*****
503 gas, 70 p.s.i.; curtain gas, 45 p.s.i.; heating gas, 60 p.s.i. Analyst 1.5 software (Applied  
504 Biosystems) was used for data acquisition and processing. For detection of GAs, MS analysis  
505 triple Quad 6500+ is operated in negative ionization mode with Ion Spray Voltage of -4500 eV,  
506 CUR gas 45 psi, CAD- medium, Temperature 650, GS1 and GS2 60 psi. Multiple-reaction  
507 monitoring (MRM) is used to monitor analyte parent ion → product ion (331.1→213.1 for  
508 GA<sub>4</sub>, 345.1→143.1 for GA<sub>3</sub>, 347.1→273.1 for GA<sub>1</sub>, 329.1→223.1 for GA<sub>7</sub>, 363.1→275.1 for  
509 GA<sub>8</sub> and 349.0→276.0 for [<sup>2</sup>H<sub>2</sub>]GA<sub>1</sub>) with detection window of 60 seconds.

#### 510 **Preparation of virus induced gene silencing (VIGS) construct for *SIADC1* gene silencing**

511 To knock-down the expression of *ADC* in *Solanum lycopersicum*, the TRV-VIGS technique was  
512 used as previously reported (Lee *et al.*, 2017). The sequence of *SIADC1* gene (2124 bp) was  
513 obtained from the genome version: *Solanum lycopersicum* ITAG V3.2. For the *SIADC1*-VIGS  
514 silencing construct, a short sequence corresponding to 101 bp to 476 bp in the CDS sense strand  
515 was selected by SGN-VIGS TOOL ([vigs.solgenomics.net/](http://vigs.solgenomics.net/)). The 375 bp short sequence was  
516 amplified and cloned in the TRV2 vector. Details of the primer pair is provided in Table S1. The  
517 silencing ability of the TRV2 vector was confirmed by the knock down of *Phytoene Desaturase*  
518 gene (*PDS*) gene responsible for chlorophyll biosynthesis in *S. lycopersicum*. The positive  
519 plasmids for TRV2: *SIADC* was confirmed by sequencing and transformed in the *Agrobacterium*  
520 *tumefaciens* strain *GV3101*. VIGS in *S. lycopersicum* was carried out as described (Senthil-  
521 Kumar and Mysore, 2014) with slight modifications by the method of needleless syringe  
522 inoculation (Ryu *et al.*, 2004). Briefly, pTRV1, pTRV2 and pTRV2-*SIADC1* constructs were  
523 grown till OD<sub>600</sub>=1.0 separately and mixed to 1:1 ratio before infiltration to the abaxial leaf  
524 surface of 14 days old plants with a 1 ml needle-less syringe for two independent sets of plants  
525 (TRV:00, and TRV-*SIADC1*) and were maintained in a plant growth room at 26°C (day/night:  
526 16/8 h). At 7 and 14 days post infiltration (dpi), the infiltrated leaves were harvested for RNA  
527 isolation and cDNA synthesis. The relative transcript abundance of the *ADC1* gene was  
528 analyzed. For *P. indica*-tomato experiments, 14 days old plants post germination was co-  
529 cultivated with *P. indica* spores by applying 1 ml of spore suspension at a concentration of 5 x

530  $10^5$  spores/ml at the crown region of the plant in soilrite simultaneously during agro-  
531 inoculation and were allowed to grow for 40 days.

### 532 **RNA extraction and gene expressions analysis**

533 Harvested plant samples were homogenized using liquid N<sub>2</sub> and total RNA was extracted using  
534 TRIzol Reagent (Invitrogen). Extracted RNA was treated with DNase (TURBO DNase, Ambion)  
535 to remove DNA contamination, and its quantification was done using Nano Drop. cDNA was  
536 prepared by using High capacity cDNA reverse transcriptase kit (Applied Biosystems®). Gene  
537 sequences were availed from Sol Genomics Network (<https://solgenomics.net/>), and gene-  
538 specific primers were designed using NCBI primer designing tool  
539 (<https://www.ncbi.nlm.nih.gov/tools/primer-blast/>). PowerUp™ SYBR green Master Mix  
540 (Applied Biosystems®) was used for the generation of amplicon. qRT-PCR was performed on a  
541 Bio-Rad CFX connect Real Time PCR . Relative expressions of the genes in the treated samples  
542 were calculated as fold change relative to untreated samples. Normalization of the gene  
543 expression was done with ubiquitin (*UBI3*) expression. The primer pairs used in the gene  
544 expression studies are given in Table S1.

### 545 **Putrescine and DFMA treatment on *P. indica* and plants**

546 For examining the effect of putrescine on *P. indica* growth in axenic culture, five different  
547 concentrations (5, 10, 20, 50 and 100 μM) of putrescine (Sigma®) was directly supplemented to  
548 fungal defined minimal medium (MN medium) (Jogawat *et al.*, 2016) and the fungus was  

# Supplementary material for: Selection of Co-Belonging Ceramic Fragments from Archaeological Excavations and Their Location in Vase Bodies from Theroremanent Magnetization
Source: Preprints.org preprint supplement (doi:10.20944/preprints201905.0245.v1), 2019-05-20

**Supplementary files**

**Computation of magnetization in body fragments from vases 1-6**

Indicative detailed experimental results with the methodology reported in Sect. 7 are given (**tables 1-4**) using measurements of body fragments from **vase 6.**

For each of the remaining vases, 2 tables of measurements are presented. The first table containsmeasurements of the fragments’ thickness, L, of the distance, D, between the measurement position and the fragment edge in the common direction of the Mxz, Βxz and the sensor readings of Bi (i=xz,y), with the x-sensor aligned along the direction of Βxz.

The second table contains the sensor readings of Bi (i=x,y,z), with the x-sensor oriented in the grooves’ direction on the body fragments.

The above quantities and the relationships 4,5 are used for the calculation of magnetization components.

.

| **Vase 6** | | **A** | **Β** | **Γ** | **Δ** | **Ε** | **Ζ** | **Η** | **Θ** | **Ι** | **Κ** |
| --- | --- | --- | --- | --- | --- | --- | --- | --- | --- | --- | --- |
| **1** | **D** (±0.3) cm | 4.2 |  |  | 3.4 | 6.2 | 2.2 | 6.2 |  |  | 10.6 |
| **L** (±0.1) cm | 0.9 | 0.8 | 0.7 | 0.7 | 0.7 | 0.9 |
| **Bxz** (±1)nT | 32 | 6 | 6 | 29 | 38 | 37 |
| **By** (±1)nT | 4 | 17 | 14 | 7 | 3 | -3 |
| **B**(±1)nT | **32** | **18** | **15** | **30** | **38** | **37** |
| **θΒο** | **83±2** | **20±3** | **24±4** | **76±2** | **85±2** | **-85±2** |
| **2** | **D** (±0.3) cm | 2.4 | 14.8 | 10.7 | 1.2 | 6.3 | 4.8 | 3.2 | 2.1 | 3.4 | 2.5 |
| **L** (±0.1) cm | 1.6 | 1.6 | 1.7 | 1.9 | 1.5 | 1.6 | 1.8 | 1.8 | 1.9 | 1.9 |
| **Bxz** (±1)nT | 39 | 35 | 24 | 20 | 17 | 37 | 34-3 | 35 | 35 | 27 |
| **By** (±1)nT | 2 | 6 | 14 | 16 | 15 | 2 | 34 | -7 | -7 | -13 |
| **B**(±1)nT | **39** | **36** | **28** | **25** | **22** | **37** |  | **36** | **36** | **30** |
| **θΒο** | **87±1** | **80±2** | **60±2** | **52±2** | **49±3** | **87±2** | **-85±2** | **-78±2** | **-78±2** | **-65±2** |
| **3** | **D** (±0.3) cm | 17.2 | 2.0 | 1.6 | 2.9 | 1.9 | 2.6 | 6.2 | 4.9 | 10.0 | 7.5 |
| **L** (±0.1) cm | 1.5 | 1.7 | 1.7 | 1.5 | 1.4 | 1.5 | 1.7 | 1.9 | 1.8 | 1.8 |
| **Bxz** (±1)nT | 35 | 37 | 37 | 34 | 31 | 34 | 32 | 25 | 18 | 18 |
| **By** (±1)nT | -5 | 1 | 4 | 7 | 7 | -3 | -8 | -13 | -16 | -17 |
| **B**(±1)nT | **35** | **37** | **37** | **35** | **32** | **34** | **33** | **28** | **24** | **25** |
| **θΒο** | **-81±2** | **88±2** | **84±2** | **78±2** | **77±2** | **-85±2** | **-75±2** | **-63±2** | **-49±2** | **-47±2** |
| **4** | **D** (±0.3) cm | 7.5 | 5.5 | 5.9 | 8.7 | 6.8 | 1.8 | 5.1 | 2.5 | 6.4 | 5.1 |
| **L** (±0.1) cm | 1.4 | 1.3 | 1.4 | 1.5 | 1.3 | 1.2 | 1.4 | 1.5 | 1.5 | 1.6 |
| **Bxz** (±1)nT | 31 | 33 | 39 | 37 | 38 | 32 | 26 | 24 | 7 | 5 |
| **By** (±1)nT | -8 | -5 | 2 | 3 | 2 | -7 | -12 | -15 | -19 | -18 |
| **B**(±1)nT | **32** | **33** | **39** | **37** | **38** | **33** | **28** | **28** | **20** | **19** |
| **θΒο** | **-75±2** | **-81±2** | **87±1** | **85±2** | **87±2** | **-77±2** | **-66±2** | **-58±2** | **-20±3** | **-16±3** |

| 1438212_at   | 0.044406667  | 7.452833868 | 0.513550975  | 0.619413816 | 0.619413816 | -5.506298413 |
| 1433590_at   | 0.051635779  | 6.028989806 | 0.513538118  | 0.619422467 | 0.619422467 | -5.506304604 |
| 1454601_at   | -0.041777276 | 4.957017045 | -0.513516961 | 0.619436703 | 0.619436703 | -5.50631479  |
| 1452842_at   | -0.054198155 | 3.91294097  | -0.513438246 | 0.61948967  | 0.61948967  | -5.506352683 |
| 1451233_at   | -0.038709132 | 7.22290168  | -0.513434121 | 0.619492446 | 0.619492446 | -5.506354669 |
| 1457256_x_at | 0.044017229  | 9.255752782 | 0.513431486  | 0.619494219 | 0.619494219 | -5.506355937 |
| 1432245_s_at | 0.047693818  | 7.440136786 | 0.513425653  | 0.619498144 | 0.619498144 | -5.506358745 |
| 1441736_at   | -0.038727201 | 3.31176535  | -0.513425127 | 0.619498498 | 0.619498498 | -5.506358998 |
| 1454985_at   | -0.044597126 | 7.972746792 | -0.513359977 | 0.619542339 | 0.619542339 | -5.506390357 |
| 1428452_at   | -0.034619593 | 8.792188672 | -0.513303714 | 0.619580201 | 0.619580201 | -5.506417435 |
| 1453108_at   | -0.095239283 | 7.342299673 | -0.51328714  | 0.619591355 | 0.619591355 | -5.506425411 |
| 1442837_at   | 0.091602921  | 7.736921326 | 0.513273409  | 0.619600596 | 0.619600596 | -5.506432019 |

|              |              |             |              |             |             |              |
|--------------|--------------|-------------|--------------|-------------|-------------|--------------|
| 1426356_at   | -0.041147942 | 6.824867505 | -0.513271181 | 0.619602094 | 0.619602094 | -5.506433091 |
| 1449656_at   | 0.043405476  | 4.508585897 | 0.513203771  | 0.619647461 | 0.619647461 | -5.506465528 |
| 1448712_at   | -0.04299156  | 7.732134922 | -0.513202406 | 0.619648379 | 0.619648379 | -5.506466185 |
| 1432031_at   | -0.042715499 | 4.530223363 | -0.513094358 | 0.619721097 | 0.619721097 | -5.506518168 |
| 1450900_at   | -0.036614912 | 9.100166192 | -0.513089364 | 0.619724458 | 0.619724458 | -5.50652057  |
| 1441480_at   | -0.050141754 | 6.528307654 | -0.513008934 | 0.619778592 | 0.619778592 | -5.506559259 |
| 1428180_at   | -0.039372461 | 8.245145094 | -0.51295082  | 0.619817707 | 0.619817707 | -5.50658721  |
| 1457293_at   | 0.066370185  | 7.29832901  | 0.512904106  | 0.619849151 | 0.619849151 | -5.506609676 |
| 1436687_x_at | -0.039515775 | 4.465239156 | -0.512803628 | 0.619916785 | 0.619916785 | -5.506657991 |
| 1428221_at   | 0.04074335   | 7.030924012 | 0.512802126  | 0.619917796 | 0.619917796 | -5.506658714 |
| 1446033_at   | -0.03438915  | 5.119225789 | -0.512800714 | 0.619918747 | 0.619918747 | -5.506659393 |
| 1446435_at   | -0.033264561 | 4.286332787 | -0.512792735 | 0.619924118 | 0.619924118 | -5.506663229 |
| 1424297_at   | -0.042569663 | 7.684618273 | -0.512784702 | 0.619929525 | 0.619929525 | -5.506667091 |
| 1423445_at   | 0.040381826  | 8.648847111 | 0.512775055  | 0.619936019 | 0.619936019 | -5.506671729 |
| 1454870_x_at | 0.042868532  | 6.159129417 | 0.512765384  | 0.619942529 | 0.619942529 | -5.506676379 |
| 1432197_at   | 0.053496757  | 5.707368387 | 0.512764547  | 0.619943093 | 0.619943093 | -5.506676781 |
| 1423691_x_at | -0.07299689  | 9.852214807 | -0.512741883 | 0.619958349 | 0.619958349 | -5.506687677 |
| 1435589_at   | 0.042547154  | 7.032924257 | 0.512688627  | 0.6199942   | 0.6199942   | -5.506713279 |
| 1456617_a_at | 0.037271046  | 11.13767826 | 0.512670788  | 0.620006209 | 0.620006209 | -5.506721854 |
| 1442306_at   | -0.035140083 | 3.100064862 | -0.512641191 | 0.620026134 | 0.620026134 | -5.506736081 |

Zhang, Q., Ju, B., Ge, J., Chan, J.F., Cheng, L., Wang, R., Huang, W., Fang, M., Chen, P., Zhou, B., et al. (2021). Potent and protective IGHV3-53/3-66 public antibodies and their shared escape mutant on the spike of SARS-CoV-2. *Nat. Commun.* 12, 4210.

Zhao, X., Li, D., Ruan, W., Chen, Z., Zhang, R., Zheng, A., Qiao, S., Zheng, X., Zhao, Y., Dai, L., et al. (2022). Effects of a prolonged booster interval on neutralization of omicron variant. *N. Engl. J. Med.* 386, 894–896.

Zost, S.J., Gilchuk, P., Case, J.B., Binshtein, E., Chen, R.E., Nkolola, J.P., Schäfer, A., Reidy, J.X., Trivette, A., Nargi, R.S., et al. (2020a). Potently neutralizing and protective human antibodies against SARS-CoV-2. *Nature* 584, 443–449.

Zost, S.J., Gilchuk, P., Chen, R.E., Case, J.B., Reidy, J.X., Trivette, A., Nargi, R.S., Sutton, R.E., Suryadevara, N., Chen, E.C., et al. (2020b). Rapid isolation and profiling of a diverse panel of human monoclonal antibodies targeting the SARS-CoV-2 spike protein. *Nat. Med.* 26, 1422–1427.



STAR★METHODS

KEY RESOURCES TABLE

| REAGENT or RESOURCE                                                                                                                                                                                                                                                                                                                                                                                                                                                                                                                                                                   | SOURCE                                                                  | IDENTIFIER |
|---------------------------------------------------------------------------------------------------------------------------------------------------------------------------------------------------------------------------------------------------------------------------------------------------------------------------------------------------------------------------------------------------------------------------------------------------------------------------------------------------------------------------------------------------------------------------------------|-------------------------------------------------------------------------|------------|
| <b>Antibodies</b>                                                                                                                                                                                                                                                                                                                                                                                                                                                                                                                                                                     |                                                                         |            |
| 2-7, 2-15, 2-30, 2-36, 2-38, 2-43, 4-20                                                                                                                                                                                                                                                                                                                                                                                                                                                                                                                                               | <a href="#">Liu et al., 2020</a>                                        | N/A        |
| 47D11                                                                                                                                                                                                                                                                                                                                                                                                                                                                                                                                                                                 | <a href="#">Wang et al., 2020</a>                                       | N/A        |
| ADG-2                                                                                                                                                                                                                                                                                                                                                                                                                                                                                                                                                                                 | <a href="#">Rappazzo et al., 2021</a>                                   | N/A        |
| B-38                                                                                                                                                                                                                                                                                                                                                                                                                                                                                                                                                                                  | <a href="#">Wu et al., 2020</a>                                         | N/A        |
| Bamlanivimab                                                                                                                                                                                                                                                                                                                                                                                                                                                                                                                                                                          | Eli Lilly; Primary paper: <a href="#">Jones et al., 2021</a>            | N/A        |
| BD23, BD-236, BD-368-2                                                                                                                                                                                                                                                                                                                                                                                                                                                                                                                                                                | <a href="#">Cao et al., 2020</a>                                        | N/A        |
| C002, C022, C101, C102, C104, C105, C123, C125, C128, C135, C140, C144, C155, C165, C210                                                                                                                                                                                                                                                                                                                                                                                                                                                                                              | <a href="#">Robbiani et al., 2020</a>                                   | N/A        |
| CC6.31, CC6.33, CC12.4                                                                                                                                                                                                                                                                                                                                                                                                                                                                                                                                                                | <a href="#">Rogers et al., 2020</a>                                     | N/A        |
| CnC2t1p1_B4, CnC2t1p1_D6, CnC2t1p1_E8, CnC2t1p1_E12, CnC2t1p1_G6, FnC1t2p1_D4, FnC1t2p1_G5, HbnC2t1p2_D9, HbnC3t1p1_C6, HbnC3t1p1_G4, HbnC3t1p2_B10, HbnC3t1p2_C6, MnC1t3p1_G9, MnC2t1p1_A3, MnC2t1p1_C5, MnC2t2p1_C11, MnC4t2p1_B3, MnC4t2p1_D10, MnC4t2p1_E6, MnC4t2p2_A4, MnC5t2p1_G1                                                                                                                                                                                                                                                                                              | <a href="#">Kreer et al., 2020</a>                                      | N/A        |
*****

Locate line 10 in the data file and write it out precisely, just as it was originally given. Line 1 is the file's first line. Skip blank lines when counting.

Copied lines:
512 used as previously reported (Lee *et al.*, 2017). The sequence of *SIADC1* gene (2124 bp) was  